Return to: Search Page or to: Table of Contents Vol. 19, Issue 5

Danielle Resnick, "Do electoral coalitions facilitate democratic consolidation in Africa?," Party Politics, 19 (September 2013), 735-757. [Available at http://ppq.sagepub.com/content/vol19/issue5/ ]

First paragraph:
In July 2008, five Ugandan opposition parties announced the formation of the Inter-Party Cooperation coalition to compete against President Yoweri Museveni in the country's 2011 elections. Similarly, in early 2011, the Action Congress of Nigeria (ACN) and the Congress for Progressive Change (CPC) considered forming a coalition in an attempt to defeat the ruling People's Democratic Party (PDP) in Nigeria. South Africa's opposition Democratic Alliance (DA) and the Independent Democrats (ID) likewise agreed in mid-2010 to an electoral alliance for forthcoming local and national elections in a bid to undermine the dominance of the ruling African National Congress (ANC).

Figures and Tables:
Table 1. Trust and identification with African political parties.
Table 2. Opposition coalitions in presidential and legislative elections since 2000.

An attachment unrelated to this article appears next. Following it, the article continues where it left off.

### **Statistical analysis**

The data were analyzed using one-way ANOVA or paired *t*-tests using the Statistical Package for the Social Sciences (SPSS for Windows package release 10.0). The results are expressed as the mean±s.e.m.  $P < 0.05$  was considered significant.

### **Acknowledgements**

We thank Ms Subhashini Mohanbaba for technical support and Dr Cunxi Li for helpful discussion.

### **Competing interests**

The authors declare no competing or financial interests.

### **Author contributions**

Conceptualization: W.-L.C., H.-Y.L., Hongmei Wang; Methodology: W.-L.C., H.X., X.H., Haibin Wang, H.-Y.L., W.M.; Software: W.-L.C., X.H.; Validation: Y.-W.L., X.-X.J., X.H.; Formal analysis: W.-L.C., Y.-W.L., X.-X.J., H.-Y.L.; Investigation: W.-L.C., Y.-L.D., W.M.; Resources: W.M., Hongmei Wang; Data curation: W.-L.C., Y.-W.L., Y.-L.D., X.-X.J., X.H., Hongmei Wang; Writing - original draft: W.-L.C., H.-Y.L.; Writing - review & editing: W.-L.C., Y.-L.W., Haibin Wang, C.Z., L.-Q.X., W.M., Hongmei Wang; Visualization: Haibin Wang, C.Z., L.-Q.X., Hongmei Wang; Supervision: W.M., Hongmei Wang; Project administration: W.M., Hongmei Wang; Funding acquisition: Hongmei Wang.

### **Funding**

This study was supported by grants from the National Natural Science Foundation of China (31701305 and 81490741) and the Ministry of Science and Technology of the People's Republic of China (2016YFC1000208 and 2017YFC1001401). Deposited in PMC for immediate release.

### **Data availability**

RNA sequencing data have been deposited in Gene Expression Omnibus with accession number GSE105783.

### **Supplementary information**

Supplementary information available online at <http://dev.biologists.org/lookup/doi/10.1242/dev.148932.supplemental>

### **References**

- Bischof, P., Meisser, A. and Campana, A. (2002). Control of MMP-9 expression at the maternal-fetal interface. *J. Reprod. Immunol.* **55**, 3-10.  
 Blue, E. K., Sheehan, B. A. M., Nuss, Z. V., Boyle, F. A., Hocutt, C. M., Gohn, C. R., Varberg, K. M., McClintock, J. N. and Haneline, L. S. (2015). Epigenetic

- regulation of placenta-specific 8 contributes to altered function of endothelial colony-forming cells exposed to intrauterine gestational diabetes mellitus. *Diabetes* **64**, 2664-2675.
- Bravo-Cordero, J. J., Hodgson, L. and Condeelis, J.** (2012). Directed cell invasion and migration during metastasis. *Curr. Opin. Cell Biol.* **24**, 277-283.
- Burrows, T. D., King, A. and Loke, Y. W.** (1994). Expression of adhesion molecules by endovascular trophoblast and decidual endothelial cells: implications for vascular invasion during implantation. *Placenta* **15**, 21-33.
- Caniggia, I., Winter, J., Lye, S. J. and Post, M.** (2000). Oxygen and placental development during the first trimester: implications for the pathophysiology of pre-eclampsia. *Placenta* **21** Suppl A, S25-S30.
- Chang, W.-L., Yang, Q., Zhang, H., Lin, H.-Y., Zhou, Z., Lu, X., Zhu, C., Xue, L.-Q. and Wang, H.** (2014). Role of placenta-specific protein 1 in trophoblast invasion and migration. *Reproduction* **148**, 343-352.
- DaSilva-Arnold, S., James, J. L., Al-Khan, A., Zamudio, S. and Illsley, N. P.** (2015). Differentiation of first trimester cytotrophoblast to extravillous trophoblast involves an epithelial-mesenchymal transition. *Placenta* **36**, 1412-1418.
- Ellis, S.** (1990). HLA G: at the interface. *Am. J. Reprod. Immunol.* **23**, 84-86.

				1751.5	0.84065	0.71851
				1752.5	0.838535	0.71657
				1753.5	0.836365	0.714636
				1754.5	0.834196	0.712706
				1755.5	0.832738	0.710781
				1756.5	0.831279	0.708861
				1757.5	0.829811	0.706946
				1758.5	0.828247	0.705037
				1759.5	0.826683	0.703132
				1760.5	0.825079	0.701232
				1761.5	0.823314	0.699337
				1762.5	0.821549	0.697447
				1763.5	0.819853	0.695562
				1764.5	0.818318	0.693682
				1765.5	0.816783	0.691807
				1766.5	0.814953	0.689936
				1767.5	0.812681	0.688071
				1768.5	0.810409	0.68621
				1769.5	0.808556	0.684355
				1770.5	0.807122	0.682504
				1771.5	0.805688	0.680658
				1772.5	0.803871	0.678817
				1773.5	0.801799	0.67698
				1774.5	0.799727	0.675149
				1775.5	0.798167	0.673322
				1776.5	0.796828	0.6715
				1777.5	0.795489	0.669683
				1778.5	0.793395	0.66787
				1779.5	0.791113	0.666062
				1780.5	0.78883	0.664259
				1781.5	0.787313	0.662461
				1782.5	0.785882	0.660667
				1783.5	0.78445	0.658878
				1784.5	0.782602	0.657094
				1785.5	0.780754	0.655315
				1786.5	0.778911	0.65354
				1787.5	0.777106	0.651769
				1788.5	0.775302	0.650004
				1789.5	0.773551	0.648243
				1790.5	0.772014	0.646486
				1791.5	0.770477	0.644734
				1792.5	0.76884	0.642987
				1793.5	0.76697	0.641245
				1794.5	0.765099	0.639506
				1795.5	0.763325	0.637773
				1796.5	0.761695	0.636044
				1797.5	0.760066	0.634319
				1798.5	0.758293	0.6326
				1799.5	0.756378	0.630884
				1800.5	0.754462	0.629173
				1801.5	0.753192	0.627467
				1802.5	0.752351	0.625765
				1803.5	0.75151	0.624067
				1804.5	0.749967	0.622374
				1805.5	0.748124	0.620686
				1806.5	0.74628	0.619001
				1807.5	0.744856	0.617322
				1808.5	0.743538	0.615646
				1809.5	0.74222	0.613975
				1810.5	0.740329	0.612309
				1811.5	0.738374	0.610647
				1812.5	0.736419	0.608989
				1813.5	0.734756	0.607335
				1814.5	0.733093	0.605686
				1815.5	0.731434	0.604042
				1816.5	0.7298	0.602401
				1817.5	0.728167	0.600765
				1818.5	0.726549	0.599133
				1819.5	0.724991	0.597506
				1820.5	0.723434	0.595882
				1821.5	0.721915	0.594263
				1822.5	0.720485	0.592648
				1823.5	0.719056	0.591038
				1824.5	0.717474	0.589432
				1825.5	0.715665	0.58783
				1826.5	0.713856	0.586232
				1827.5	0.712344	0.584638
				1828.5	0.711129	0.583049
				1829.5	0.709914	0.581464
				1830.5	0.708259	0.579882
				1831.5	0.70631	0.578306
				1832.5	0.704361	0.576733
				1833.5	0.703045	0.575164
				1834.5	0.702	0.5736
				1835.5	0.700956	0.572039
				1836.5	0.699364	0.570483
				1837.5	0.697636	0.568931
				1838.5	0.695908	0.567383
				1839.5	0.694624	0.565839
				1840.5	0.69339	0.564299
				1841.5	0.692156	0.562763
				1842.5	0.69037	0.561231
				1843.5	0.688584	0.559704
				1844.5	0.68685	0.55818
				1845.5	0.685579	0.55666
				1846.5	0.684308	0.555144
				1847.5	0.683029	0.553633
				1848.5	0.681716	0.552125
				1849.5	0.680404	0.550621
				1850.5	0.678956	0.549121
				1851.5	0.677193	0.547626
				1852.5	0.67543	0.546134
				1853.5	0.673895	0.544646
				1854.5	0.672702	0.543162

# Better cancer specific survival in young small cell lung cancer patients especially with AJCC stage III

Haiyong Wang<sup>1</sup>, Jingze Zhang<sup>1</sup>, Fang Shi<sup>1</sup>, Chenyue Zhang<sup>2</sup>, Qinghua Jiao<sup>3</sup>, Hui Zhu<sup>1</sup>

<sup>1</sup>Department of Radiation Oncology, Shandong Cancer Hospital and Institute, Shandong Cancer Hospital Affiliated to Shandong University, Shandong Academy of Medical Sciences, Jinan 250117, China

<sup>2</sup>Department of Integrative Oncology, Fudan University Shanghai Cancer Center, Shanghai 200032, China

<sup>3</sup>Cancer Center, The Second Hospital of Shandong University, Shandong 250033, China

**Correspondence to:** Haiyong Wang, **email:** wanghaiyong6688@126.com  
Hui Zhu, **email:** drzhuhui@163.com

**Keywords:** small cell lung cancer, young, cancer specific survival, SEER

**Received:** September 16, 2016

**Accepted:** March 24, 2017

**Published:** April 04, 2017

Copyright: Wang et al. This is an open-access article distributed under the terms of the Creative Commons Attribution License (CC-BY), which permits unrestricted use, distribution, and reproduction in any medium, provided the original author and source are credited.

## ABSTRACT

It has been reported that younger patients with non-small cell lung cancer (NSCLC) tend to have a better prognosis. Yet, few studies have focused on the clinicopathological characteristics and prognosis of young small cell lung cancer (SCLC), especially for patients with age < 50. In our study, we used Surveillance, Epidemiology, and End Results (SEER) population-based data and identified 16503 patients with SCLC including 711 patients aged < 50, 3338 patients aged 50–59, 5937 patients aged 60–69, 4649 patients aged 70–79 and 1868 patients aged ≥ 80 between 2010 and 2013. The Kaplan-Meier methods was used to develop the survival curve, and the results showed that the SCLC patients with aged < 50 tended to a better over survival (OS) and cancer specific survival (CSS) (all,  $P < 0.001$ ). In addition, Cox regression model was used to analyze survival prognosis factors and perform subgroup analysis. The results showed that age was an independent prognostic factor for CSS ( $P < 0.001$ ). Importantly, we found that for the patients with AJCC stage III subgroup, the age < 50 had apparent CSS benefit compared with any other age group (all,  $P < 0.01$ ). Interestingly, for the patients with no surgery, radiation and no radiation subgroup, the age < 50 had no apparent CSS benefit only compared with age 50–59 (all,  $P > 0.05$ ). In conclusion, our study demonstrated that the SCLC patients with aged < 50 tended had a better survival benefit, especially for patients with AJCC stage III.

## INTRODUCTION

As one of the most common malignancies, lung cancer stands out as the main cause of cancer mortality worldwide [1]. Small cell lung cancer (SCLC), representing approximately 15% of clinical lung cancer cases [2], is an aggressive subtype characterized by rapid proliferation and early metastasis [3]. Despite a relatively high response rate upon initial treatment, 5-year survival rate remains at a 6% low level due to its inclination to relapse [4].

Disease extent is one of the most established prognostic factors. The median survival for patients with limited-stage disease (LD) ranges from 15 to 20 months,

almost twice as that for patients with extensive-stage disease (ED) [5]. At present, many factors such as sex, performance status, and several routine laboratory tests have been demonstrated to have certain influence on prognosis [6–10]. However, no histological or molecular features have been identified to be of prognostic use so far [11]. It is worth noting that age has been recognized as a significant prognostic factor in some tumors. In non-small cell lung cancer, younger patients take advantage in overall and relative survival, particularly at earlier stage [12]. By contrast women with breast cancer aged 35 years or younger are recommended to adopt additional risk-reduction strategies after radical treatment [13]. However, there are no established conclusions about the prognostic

Table 3a. Volatility for opposition coalition candidates in presidential elections.
Table 3b. Volatility for opposition coalitions in legislative elections.
Appendix: Data sources and party acronyms presented in tables

Last Paragraph:
In Africa's electoral democracies, the important challenge of increasing incumbent turnover should be complemented by the development of distinct party choices in order for elections to provide a meaningful conduit for conveying citizen preferences. Such parties do not necessarily have to offer distinct platforms along the traditional left--right ideological spectrum and, as noted earlier, those few African parties which have done so rarely demonstrate widespread appeal. However, they do have to demonstrate relevance with the everyday concerns of African citizens, including job creation and improved service delivery, and offer realistic solutions for achieving such goals. This, more than office-seeking coalitions, would go a long way to ensuring that democracy provides African voters with real choices when they go to the polls.

Last updated November 2013